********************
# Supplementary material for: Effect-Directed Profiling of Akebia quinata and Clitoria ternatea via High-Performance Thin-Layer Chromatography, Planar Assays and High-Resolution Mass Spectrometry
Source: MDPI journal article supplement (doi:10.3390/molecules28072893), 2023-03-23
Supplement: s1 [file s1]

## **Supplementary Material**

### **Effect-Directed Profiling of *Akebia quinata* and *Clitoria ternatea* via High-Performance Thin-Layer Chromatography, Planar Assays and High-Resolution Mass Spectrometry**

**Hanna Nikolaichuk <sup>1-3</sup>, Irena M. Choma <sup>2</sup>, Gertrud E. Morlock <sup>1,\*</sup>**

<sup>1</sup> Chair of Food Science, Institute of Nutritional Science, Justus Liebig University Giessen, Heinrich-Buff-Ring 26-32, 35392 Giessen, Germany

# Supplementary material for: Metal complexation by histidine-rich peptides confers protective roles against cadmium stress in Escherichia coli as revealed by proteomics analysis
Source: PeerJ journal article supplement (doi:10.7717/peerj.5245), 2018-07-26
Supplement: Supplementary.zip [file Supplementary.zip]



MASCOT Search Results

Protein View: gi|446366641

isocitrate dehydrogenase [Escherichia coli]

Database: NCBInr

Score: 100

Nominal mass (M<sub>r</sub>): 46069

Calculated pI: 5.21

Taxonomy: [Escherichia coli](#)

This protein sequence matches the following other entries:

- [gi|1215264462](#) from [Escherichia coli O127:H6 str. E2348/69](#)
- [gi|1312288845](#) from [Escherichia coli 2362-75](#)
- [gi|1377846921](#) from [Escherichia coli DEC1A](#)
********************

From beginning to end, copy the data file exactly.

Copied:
# Supplementary material for: Effect-Directed Profiling of Akebia quinata and Clitoria ternatea via High-Performance Thin-Layer Chromatography, Planar Assays and High-Resolution Mass Spectrometry
Source: MDPI journal article supplement (doi:10.3390/molecules28072893), 2023-03-23
Supplement: s1 [file s1]

## **Supplementary Material**

### **Effect-Directed Profiling of *Akebia quinata* and *Clitoria ternatea* via High-Performance Thin-Layer Chromatography, Planar Assays and High-Resolution Mass Spectrometry**

**Hanna Nikolaichuk <sup>1-3</sup>, Irena M. Choma <sup>2</sup>, Gertrud E. Morlock <sup>1,\*</sup>**

<sup>1</sup> Chair of Food Science, Institute of Nutritional Science, Justus Liebig University Giessen, Heinrich-Buff-Ring 26-32, 35392 Giessen, Germany

# Supplementary material for: Metal complexation by histidine-rich peptides confers protective roles against cadmium stress in Escherichia coli as revealed by proteomics analysis
Source: PeerJ journal article supplement (doi:10.7717/peerj.5245), 2018-07-26
Supplement: Supplementary.zip [file Supplementary.zip]



MASCOT Search Results

Protein View: gi|446366641

isocitrate dehydrogenase [Escherichia coli]

Database: NCBInr

Score: 100

Nominal mass (M<sub>r</sub>): 46069

Calculated pI: 5.21

Taxonomy: [Escherichia coli](#)

This protein sequence matches the following other entries:

- [gi|1215264462](#) from [Escherichia coli O127:H6 str. E2348/69](#)
- [gi|1312288845](#) from [Escherichia coli 2362-75](#)
- [gi|1377846921](#) from [Escherichia coli DEC1A](#)